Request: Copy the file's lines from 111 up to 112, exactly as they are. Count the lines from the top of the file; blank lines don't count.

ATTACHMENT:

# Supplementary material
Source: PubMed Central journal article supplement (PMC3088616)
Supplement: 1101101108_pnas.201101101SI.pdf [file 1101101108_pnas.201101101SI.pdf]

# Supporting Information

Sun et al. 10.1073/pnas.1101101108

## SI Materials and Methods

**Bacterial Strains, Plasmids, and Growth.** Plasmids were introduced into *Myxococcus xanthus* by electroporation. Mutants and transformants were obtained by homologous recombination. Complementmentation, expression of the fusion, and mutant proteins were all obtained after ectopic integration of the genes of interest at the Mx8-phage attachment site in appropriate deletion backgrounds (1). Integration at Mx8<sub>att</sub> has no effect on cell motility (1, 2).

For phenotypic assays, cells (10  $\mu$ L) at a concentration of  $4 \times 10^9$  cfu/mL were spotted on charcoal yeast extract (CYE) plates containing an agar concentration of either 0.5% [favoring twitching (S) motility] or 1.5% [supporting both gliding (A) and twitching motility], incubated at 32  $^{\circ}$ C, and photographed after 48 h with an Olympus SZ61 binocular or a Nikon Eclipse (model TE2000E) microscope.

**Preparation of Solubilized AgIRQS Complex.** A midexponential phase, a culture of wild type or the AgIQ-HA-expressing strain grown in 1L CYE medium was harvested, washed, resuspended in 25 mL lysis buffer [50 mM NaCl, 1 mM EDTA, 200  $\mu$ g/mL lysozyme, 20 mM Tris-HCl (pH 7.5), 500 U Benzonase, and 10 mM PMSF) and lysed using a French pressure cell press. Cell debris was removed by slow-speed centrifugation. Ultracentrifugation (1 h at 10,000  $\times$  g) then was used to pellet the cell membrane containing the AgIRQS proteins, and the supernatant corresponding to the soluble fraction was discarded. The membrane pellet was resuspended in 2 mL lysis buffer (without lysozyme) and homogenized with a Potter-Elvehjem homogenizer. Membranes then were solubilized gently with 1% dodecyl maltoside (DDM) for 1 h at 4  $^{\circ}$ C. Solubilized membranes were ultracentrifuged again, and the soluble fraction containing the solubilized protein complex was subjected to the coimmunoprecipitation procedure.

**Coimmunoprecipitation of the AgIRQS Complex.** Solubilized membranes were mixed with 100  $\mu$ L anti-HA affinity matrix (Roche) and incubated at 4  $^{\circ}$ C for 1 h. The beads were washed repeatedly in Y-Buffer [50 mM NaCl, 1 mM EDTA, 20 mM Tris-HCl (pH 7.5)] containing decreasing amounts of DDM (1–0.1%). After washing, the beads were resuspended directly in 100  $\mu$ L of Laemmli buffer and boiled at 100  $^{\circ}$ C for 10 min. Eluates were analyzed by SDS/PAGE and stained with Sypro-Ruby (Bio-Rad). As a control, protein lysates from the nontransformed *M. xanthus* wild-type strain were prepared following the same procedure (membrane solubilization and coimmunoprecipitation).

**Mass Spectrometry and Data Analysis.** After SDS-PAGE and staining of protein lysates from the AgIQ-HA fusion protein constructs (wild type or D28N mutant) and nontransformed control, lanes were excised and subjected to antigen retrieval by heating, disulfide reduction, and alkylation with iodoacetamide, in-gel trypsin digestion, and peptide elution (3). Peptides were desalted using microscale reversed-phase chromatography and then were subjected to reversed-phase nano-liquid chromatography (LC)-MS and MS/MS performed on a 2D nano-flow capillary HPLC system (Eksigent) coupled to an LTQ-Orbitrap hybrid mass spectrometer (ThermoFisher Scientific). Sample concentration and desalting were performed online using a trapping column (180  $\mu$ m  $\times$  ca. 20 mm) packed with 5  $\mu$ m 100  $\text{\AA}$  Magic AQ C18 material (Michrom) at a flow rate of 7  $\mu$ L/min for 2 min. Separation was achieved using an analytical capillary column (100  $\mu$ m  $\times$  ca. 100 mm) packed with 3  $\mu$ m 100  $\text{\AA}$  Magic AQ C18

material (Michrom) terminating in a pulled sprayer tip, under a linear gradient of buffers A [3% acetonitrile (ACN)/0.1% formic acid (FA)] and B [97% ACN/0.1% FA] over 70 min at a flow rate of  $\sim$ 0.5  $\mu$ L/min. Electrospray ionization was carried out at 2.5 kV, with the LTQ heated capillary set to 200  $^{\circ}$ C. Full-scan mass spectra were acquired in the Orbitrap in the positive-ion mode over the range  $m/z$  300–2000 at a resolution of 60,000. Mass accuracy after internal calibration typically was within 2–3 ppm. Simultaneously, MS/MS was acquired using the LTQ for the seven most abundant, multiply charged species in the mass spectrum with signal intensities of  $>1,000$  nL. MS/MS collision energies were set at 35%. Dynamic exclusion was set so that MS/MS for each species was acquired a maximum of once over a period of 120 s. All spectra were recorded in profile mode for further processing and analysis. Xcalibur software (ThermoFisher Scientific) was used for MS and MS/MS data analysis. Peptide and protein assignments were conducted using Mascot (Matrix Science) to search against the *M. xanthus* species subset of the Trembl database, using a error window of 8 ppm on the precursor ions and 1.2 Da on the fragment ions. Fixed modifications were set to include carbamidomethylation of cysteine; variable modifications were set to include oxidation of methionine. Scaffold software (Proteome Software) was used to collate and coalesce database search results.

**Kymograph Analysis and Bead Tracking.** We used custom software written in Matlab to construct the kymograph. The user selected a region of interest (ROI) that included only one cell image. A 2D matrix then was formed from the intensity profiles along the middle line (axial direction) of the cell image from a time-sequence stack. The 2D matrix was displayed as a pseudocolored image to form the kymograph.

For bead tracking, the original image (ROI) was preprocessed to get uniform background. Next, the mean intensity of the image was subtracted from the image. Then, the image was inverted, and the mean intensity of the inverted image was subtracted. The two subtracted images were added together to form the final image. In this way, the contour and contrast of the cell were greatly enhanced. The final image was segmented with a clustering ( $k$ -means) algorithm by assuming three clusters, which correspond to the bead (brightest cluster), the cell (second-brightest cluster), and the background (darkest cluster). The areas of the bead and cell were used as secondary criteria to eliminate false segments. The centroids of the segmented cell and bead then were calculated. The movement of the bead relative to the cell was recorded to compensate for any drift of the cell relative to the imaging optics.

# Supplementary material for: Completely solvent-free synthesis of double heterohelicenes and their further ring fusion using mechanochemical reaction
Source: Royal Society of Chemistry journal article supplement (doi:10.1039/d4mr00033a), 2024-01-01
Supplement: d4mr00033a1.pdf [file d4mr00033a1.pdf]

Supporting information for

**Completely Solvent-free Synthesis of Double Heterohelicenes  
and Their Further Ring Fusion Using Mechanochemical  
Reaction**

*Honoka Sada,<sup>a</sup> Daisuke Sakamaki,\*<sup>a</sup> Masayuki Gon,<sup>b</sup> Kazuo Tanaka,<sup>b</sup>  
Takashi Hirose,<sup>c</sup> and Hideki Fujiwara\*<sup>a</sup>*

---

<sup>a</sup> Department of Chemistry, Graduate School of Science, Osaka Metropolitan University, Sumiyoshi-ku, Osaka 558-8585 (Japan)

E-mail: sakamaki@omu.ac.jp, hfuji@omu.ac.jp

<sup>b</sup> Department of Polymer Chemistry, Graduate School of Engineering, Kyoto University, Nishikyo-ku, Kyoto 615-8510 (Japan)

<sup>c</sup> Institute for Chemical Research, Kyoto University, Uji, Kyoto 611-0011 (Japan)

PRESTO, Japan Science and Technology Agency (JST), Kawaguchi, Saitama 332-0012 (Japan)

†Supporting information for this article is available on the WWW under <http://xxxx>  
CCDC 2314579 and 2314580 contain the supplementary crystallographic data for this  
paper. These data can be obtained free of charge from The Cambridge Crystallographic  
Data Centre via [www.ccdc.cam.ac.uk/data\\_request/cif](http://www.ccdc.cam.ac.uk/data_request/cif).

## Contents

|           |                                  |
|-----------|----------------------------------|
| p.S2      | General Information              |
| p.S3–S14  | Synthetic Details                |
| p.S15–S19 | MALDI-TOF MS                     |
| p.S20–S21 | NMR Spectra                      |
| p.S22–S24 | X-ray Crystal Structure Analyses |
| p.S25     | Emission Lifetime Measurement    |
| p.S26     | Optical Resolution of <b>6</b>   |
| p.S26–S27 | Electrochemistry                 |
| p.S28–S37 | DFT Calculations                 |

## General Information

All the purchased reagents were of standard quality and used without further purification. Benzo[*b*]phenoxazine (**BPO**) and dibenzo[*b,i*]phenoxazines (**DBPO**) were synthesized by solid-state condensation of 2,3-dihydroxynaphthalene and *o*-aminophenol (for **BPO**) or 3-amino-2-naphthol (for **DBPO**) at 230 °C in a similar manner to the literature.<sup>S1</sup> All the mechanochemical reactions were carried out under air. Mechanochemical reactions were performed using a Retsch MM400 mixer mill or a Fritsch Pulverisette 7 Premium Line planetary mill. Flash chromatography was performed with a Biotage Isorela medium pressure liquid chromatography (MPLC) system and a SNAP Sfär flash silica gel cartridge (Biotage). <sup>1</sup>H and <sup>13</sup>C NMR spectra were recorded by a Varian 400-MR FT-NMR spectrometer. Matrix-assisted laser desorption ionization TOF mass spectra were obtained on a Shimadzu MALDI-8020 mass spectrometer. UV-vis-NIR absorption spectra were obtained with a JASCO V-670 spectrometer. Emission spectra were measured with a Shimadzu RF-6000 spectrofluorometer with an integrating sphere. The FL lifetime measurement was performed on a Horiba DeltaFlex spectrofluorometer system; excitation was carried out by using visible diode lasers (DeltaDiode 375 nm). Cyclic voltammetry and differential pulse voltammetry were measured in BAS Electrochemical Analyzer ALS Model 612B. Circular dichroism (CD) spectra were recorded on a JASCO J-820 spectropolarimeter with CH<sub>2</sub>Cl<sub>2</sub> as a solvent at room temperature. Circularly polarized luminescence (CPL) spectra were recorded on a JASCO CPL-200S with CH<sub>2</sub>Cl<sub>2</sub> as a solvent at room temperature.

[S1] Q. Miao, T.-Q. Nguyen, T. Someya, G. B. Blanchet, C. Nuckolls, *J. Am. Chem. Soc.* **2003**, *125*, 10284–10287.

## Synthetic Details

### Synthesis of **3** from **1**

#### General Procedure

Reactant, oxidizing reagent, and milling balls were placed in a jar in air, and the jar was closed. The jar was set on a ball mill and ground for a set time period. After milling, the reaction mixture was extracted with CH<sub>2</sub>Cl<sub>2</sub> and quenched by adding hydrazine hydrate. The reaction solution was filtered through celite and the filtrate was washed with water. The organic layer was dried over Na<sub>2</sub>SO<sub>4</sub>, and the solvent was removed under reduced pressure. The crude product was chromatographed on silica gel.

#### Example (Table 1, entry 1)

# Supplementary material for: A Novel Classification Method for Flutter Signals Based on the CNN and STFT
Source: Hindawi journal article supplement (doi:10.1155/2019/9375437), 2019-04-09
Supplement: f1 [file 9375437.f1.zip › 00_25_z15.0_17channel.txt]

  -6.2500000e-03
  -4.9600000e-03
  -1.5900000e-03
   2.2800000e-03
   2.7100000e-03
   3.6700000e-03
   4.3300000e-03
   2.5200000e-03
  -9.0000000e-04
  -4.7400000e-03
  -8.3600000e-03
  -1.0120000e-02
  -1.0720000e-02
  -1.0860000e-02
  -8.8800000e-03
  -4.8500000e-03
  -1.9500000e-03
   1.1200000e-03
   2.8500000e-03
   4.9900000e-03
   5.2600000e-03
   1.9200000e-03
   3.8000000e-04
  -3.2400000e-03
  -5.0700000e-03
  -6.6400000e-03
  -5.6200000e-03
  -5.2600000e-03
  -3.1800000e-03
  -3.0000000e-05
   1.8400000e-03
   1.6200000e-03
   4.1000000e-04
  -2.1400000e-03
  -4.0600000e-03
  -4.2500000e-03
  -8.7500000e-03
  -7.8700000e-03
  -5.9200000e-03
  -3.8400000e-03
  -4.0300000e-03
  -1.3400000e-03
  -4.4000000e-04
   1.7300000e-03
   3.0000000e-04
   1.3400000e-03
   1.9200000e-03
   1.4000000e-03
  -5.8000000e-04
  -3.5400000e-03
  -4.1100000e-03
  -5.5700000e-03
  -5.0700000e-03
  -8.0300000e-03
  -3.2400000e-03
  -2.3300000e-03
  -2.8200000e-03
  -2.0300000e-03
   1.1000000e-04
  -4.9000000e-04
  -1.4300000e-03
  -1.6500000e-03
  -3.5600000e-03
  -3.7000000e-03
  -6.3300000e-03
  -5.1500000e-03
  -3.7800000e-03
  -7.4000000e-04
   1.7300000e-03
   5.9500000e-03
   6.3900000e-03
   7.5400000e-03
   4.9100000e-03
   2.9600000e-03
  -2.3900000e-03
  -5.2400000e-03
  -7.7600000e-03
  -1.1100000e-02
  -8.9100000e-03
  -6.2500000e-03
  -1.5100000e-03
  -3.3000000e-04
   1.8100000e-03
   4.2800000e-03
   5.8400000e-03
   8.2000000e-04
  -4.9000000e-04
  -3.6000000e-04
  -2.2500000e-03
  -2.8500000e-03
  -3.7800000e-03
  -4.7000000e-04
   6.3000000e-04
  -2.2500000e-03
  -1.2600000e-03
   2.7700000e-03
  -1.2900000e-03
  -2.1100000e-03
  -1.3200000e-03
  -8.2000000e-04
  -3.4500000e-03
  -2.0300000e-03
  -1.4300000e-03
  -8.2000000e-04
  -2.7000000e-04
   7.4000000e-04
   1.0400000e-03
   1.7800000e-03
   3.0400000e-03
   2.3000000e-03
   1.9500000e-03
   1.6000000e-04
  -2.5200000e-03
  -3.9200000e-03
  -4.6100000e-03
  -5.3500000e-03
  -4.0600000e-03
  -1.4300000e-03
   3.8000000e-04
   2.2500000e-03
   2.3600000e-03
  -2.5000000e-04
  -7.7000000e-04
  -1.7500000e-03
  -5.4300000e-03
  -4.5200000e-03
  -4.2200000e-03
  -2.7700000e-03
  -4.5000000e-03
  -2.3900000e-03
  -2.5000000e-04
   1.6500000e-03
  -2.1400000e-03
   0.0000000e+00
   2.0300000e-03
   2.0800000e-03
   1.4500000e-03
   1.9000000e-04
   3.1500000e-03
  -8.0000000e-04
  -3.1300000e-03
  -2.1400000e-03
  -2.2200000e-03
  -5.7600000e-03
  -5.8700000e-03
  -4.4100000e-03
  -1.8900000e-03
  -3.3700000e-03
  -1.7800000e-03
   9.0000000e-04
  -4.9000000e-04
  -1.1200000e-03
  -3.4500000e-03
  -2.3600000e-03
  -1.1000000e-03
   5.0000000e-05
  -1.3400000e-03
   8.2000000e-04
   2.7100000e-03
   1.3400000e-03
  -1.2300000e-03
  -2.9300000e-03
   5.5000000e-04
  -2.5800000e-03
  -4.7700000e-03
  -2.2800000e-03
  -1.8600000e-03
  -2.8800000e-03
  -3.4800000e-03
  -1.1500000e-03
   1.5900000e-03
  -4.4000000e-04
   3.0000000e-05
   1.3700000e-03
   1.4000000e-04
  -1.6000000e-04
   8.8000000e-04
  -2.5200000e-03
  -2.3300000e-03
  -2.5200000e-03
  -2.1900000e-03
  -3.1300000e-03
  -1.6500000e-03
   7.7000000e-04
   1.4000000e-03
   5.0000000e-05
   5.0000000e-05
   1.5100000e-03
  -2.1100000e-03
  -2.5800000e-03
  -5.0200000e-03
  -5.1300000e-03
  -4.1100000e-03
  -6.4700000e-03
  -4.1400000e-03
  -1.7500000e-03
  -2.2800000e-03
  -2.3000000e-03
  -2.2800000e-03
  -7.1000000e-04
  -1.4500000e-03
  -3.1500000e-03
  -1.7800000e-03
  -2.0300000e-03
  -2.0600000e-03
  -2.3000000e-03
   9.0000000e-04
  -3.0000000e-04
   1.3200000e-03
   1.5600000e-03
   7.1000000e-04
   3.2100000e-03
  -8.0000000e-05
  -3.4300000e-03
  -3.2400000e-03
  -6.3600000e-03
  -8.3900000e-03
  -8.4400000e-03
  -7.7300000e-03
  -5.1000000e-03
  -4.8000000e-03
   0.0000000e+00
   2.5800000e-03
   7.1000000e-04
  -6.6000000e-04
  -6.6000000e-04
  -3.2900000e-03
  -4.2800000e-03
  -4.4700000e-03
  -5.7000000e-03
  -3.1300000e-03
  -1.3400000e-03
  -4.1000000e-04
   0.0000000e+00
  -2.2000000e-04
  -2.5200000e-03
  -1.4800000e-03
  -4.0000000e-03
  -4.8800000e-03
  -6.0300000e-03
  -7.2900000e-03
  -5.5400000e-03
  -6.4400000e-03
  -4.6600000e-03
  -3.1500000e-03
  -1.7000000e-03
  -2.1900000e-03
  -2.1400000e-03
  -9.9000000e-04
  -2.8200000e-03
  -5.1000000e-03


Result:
  -3.2400000e-03
  -2.3300000e-03